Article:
Pay $60 for a packaged game or get a variation of that content free online. That choice is putting pressure on game developers. Correlation or causation? Traditional game sales dropped 7 percent year-to-date through April, while free Facebook games and cheap iPhone and iPad applications have exploded.
Zynga's free Facebook games draw 235 million players monthly. Those players pay nothing upfront, but they spend hundreds of millions of dollars on so-called "virtual goods" to enhance their games. Zynga's annual revenue has been estimated as high as $700 million.
Traditional game companies are looking for a piece of the action. Electronic Arts bought social game maker Playfish for $300 million in November. Partnering EA Sports with Playfish, popular console game FIFA Soccer launched for free on Facebook last week. It's already attracted nearly 1.3 million players. Revenue, which would come from so-called "micropayments" to improve your team or swap players is still tiny, according to EA Sports president Peter Moore. But he tells us he expects Facebook game revenues to have a real impact on the company's bottom line within two years.
It's not just Facebook, consumers are also spending more time on iPhones and iPads , so game-makers are gunning for a piece of Apple's app store revenue. Activision Blizzard is launching six titles for the iPhone this month alone, including Guitar Hero and Call of Duty. CEO Bobby Kotick told me he doesn't expect to see significant revenue from this — not compared to its $5 billion business — but it can't afford to sit out the social gaming revolution.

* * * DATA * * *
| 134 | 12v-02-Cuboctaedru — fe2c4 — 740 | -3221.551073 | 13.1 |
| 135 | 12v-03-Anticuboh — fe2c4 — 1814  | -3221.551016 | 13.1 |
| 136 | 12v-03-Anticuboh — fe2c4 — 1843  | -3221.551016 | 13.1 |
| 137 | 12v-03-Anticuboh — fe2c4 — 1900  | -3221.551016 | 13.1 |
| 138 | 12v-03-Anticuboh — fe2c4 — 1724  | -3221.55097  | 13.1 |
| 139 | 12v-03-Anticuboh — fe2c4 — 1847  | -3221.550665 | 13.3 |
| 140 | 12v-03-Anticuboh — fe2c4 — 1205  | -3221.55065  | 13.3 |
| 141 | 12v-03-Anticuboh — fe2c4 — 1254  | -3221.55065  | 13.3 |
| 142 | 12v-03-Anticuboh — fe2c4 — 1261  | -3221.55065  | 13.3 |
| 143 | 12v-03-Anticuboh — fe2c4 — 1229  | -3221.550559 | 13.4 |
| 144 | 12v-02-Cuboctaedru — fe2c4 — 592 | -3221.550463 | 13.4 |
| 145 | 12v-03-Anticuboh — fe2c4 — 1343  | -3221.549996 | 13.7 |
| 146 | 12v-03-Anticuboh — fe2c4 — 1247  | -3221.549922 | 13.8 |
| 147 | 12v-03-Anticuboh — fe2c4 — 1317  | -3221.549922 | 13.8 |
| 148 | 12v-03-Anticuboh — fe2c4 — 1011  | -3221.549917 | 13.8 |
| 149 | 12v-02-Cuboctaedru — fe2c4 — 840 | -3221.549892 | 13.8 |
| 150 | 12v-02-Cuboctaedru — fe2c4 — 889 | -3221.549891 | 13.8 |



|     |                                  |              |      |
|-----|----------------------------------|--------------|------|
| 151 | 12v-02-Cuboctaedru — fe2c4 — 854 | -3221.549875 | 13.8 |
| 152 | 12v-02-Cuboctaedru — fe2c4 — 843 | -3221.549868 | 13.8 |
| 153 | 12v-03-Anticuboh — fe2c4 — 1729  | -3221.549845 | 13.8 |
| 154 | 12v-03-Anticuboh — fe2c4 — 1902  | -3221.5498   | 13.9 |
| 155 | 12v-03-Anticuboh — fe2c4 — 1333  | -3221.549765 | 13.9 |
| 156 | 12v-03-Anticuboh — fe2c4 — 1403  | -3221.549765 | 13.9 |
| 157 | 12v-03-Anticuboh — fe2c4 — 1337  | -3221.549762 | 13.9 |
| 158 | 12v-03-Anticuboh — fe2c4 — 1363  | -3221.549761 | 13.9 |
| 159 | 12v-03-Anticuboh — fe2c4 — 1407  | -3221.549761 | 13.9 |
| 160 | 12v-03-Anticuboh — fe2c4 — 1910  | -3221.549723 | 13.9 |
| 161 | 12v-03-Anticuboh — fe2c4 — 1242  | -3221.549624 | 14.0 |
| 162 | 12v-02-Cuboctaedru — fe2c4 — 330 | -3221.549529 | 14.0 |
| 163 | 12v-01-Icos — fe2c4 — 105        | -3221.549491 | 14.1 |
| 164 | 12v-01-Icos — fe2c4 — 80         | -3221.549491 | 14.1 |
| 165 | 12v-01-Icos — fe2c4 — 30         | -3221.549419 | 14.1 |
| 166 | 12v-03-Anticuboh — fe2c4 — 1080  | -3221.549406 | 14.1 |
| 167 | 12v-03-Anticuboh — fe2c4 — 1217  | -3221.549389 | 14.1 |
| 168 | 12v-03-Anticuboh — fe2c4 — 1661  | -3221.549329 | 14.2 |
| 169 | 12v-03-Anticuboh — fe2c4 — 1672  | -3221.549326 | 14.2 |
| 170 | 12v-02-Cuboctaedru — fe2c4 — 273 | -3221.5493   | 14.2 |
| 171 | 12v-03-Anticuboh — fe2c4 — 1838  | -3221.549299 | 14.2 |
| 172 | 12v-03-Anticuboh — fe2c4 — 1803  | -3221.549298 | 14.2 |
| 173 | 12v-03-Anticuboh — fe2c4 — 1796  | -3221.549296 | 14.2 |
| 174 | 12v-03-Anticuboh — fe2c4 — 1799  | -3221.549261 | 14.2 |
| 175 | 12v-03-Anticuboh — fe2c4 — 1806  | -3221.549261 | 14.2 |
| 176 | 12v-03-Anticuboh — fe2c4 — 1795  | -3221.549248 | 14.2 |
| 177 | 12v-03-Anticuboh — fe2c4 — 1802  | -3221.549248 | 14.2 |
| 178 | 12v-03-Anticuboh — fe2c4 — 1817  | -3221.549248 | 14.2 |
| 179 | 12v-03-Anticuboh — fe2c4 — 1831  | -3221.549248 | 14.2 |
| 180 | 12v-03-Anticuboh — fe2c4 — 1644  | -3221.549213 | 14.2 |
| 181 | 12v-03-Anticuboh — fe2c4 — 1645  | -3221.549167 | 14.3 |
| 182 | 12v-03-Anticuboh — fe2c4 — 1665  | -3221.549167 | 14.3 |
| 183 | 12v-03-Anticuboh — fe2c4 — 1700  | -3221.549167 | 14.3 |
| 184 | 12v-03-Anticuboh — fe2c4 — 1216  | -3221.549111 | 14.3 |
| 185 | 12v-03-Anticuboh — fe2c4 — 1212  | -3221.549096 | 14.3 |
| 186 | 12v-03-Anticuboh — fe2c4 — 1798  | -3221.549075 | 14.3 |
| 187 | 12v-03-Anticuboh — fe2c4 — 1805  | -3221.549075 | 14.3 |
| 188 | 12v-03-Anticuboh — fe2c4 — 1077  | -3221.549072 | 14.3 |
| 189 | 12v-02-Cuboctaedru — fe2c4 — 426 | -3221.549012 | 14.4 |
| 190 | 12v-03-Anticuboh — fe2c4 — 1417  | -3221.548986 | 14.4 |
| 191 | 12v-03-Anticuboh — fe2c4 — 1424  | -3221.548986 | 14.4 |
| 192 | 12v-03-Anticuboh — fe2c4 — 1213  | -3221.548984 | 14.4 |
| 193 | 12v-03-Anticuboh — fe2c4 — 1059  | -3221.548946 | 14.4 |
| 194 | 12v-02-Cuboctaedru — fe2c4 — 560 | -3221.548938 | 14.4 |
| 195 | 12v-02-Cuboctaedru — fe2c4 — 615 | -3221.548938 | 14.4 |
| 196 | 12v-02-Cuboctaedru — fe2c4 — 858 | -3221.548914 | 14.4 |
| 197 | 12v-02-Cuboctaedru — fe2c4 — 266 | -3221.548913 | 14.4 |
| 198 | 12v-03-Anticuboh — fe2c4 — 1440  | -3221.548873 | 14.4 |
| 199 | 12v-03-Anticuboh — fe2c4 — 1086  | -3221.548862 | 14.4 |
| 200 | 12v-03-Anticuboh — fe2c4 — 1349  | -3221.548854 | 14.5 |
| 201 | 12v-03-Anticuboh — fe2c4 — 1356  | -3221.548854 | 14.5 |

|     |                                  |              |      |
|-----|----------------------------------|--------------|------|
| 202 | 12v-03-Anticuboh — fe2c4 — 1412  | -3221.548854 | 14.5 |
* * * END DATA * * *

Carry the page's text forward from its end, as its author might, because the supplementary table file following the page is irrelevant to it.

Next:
Even on the console platform, the social component is key. XBox 360 , PS3 and Nintendo allow gamers to play against friends from thousands of miles away. XBox and PS3 make it particularly easy to update your status and game scores on Facebook and Twitter.
Game-makers rely on the social component of their games to keep consumers buying and playing. Tony Key, Ubisoft's SVP of sales and marketing tells us that the ability to play games with friends gives the games longevity, saying "they bring more people into the discussion and create bigger brands."
The social component may also drive game-makers growth. Wedbush analyst Michael Pachter predicts Activision and Electronic Arts will start charging subscriptions for gamers to play each other on hit titles "Modern Warfare 2."
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